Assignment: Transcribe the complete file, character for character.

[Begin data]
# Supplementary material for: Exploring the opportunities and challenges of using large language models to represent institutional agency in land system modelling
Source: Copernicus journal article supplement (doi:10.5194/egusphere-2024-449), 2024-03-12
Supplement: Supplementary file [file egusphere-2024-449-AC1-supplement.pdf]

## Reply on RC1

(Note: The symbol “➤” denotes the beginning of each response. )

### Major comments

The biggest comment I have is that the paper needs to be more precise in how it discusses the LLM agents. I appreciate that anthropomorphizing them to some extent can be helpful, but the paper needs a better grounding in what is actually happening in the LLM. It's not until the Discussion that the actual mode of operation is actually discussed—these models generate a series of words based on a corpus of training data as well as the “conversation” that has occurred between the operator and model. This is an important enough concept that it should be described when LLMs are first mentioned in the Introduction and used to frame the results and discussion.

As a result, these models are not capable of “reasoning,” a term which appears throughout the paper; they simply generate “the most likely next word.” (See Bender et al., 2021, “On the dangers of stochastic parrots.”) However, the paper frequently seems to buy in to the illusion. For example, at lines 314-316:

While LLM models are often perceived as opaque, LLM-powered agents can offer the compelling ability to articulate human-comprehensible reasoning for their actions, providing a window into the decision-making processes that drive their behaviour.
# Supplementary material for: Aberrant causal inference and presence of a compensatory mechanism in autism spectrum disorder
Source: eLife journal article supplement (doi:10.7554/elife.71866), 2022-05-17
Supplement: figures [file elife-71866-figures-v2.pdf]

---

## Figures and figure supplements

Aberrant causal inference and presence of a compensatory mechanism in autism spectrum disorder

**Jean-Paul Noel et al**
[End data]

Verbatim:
# Supplementary material for: Exploring the opportunities and challenges of using large language models to represent institutional agency in land system modelling
Source: Copernicus journal article supplement (doi:10.5194/egusphere-2024-449), 2024-03-12
Supplement: Supplementary file [file egusphere-2024-449-AC1-supplement.pdf]

## Reply on RC1

(Note: The symbol “➤” denotes the beginning of each response. )

### Major comments

The biggest comment I have is that the paper needs to be more precise in how it discusses the LLM agents. I appreciate that anthropomorphizing them to some extent can be helpful, but the paper needs a better grounding in what is actually happening in the LLM. It's not until the Discussion that the actual mode of operation is actually discussed—these models generate a series of words based on a corpus of training data as well as the “conversation” that has occurred between the operator and model. This is an important enough concept that it should be described when LLMs are first mentioned in the Introduction and used to frame the results and discussion.

As a result, these models are not capable of “reasoning,” a term which appears throughout the paper; they simply generate “the most likely next word.” (See Bender et al., 2021, “On the dangers of stochastic parrots.”) However, the paper frequently seems to buy in to the illusion. For example, at lines 314-316:

While LLM models are often perceived as opaque, LLM-powered agents can offer the compelling ability to articulate human-comprehensible reasoning for their actions, providing a window into the decision-making processes that drive their behaviour.
# Supplementary material for: Aberrant causal inference and presence of a compensatory mechanism in autism spectrum disorder
Source: eLife journal article supplement (doi:10.7554/elife.71866), 2022-05-17
Supplement: figures [file elife-71866-figures-v2.pdf]

---

## Figures and figure supplements

Aberrant causal inference and presence of a compensatory mechanism in autism spectrum disorder

**Jean-Paul Noel et al**